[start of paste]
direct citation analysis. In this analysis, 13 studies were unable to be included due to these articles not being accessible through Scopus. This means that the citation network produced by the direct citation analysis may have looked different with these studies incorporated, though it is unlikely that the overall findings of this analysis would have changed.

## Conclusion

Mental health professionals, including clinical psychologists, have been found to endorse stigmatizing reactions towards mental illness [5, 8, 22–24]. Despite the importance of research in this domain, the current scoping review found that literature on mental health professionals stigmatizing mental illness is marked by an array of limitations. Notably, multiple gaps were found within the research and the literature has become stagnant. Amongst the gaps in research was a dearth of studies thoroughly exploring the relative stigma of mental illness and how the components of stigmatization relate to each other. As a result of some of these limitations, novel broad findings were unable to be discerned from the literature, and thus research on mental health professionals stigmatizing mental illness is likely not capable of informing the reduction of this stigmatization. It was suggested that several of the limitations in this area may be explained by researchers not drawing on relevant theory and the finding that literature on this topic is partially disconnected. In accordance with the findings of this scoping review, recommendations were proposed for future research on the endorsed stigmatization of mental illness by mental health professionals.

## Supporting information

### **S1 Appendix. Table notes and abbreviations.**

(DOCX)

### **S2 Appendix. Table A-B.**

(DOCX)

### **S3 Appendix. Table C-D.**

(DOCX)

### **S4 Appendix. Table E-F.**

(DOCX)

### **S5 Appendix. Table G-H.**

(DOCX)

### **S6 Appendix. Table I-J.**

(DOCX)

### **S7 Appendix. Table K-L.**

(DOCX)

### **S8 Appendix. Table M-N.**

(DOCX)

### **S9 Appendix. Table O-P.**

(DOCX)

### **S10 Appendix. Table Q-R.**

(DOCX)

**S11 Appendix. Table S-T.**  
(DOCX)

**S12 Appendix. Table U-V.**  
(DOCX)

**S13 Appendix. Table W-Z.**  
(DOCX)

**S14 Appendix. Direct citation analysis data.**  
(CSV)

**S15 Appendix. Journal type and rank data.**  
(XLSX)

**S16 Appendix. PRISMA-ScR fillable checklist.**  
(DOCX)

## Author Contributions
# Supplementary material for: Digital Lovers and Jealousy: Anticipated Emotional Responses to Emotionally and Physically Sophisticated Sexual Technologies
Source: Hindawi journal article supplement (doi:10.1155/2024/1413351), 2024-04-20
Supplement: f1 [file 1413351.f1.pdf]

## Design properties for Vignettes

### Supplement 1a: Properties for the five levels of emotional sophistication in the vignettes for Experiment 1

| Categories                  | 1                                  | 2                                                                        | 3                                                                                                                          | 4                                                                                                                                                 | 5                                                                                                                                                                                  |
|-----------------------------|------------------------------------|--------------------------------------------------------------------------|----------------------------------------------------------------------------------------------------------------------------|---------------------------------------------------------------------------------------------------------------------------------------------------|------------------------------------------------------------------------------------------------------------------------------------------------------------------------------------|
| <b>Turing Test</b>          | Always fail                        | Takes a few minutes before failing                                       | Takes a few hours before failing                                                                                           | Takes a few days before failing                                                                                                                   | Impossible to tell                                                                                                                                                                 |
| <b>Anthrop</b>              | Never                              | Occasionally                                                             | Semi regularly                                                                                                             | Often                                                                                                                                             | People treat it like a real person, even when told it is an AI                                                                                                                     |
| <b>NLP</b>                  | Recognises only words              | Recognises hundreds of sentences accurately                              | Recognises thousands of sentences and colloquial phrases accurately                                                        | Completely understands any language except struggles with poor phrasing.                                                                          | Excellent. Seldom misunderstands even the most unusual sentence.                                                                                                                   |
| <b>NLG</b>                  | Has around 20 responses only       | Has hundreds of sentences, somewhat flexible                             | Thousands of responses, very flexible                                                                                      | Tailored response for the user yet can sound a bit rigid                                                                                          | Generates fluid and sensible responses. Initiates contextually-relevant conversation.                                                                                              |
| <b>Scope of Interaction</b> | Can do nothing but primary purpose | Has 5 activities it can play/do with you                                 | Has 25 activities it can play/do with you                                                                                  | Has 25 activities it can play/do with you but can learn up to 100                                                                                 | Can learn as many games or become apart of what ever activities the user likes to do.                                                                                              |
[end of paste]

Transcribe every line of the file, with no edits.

direct citation analysis. In this analysis, 13 studies were unable to be included due to these articles not being accessible through Scopus. This means that the citation network produced by the direct citation analysis may have looked different with these studies incorporated, though it is unlikely that the overall findings of this analysis would have changed.

## Conclusion

Mental health professionals, including clinical psychologists, have been found to endorse stigmatizing reactions towards mental illness [5, 8, 22–24]. Despite the importance of research in this domain, the current scoping review found that literature on mental health professionals stigmatizing mental illness is marked by an array of limitations. Notably, multiple gaps were found within the research and the literature has become stagnant. Amongst the gaps in research was a dearth of studies thoroughly exploring the relative stigma of mental illness and how the components of stigmatization relate to each other. As a result of some of these limitations, novel broad findings were unable to be discerned from the literature, and thus research on mental health professionals stigmatizing mental illness is likely not capable of informing the reduction of this stigmatization. It was suggested that several of the limitations in this area may be explained by researchers not drawing on relevant theory and the finding that literature on this topic is partially disconnected. In accordance with the findings of this scoping review, recommendations were proposed for future research on the endorsed stigmatization of mental illness by mental health professionals.

## Supporting information

### **S1 Appendix. Table notes and abbreviations.**

(DOCX)

### **S2 Appendix. Table A-B.**

(DOCX)

### **S3 Appendix. Table C-D.**

(DOCX)

### **S4 Appendix. Table E-F.**

(DOCX)

### **S5 Appendix. Table G-H.**

(DOCX)

### **S6 Appendix. Table I-J.**

(DOCX)

### **S7 Appendix. Table K-L.**

(DOCX)

### **S8 Appendix. Table M-N.**

(DOCX)

### **S9 Appendix. Table O-P.**

(DOCX)

### **S10 Appendix. Table Q-R.**

(DOCX)

**S11 Appendix. Table S-T.**  
(DOCX)

**S12 Appendix. Table U-V.**  
(DOCX)

**S13 Appendix. Table W-Z.**  
(DOCX)

**S14 Appendix. Direct citation analysis data.**  
(CSV)

**S15 Appendix. Journal type and rank data.**  
(XLSX)

**S16 Appendix. PRISMA-ScR fillable checklist.**  
(DOCX)

## Author Contributions
# Supplementary material for: Digital Lovers and Jealousy: Anticipated Emotional Responses to Emotionally and Physically Sophisticated Sexual Technologies
Source: Hindawi journal article supplement (doi:10.1155/2024/1413351), 2024-04-20
Supplement: f1 [file 1413351.f1.pdf]

## Design properties for Vignettes

### Supplement 1a: Properties for the five levels of emotional sophistication in the vignettes for Experiment 1

| Categories                  | 1                                  | 2                                                                        | 3                                                                                                                          | 4                                                                                                                                                 | 5                                                                                                                                                                                  |
|-----------------------------|------------------------------------|--------------------------------------------------------------------------|----------------------------------------------------------------------------------------------------------------------------|---------------------------------------------------------------------------------------------------------------------------------------------------|------------------------------------------------------------------------------------------------------------------------------------------------------------------------------------|
| <b>Turing Test</b>          | Always fail                        | Takes a few minutes before failing                                       | Takes a few hours before failing                                                                                           | Takes a few days before failing                                                                                                                   | Impossible to tell                                                                                                                                                                 |
| <b>Anthrop</b>              | Never                              | Occasionally                                                             | Semi regularly                                                                                                             | Often                                                                                                                                             | People treat it like a real person, even when told it is an AI                                                                                                                     |
| <b>NLP</b>                  | Recognises only words              | Recognises hundreds of sentences accurately                              | Recognises thousands of sentences and colloquial phrases accurately                                                        | Completely understands any language except struggles with poor phrasing.                                                                          | Excellent. Seldom misunderstands even the most unusual sentence.                                                                                                                   |
| <b>NLG</b>                  | Has around 20 responses only       | Has hundreds of sentences, somewhat flexible                             | Thousands of responses, very flexible                                                                                      | Tailored response for the user yet can sound a bit rigid                                                                                          | Generates fluid and sensible responses. Initiates contextually-relevant conversation.                                                                                              |
| <b>Scope of Interaction</b> | Can do nothing but primary purpose | Has 5 activities it can play/do with you                                 | Has 25 activities it can play/do with you                                                                                  | Has 25 activities it can play/do with you but can learn up to 100                                                                                 | Can learn as many games or become apart of what ever activities the user likes to do.                                                                                              |